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Mozilla Firefox does not work when disabling the encryption key TLS_ECDHE_RSA_WITH_AES_256_CBC_SHA (0xc014)

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Dear Mozilla team,

We are a company that develops web systems. The customer’s security service asks us to close all old encryption keys on the server in order to avoid system vulnerabilities and use only new keys. We disabled most of the old keys and the system works fine on all browsers. As soon as we turn off the encryption key TLS_ECDHE_RSA_WITH_AES_256_CBC_SHA (0xc014), then all web systems stop working through the Mozilla Firefox browser. (At the same time, everything works correctly on other browsers). The Mozilla Firefox Documentation says that this browser supports new encryption keys and can work without old encryption keys. Link (https://wiki.mozilla.org/Security/Server_Side_TLS). Also on our server are included all the necessary encryption keys for Mozilla Firefox to work.

Do you have any ideas on how to solve this?

Dear Mozilla team, We are a company that develops web systems. The customer’s security service asks us to close all old encryption keys on the server in order to avoid system vulnerabilities and use only new keys. We disabled most of the old keys and the system works fine on all browsers. As soon as we turn off the encryption key TLS_ECDHE_RSA_WITH_AES_256_CBC_SHA (0xc014), then all web systems stop working through the Mozilla Firefox browser. (At the same time, everything works correctly on other browsers). The Mozilla Firefox Documentation says that this browser supports new encryption keys and can work without old encryption keys. Link (https://wiki.mozilla.org/Security/Server_Side_TLS). Also on our server are included all the necessary encryption keys for Mozilla Firefox to work. Do you have any ideas on how to solve this?
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Additional System Details

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  • User Agent: Mozilla/5.0 (Windows NT 10.0; Win64; x64) AppleWebKit/537.36 (KHTML, like Gecko) Chrome/70.0.3538.102 Safari/537.36 Edge/18.18363

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cor-el
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17882 solutions 161785 answers

You can check the server.

You can check your browser for compatible cipher suites.

You can check the server. *https://www.ssllabs.com/ssltest/ You can check your browser for compatible cipher suites. *https://www.ssllabs.com/ssltest/viewMyClient.html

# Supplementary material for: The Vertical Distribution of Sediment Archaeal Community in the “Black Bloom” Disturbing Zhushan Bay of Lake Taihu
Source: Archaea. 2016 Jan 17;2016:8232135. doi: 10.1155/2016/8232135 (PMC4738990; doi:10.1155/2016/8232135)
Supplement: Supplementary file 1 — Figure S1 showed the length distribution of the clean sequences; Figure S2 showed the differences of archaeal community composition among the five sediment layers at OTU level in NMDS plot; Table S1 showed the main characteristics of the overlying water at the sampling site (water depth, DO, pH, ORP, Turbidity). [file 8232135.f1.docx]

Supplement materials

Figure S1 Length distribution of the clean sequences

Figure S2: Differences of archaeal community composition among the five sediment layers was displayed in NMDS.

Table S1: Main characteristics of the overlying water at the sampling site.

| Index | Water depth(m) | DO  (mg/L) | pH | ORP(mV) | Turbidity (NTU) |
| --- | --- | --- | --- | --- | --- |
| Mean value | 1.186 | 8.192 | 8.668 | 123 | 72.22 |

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Question owner

Thanks, but unfortunately we`ve checked it and it didn't work.

Screenshot 1 shows that system didn't work with Mozilla browser Screenshot 2 shows that after we opened SHA1 Mozilla works with old keys that need to be changed and all other browsers work on new keys.

We have other sets but Mozilla also didn't work with them.

Do you have any other ideas on how to solve this?

Thanks, but unfortunately we`ve checked it and it didn't work. Screenshot 1 shows that system didn't work with Mozilla browser Screenshot 2 shows that after we opened SHA1 Mozilla works with old keys that need to be changed and all other browsers work on new keys. We have other sets but Mozilla also didn't work with them. Do you have any other ideas on how to solve this?
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dkeeler 0 solutions 8 answers

What cipher suites does your server enable?

What cipher suites does your server enable?
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Question owner

Hi, @dkeeler We use those

Hi, @dkeeler We use those
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cor-el
  • Top 10 Contributor
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17882 solutions 161785 answers

I think that what dkeeler means is a full list of cipher suites that are enabled on the server. I sounds that you only have this single cipher suite enabled that Firefox supports and other enabled cipher suites aren't supported by Firefox.

See also:

I think that what dkeeler means is a full list of cipher suites that are enabled on the server. I sounds that you only have this single cipher suite enabled that Firefox supports and other enabled cipher suites aren't supported by Firefox. See also: *https://observatory.mozilla.org/analyze.html?host=

Modified by cor-el

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jscher2000
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8966 solutions 73477 answers

I think it is a little confusing to refer to encryption ciphers as keys. Your private key is used to generate your SSL certificate, and you can change that key and generate new certificates without disabling any ciphers.

I think it is a little confusing to refer to encryption ''ciphers'' as ''keys''. Your private key is used to generate your SSL certificate, and you can change that key and generate new certificates without disabling any ciphers.
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dkeeler 0 solutions 8 answers

Hi Yulyan, if I'm understanding what you're indicating correctly, your server does enable at least one cipher suite that Firefox enables. Can you open a new bug here: https://bugzilla.mozilla.org/enter_bug.cgi?product=Core&component=Security%3A%20PSM with as much detail as you can include? Thanks!

Hi Yulyan, if I'm understanding what you're indicating correctly, your server does enable at least one cipher suite that Firefox enables. Can you open a new bug here: https://bugzilla.mozilla.org/enter_bug.cgi?product=Core&component=Security%3A%20PSM with as much detail as you can include? Thanks!
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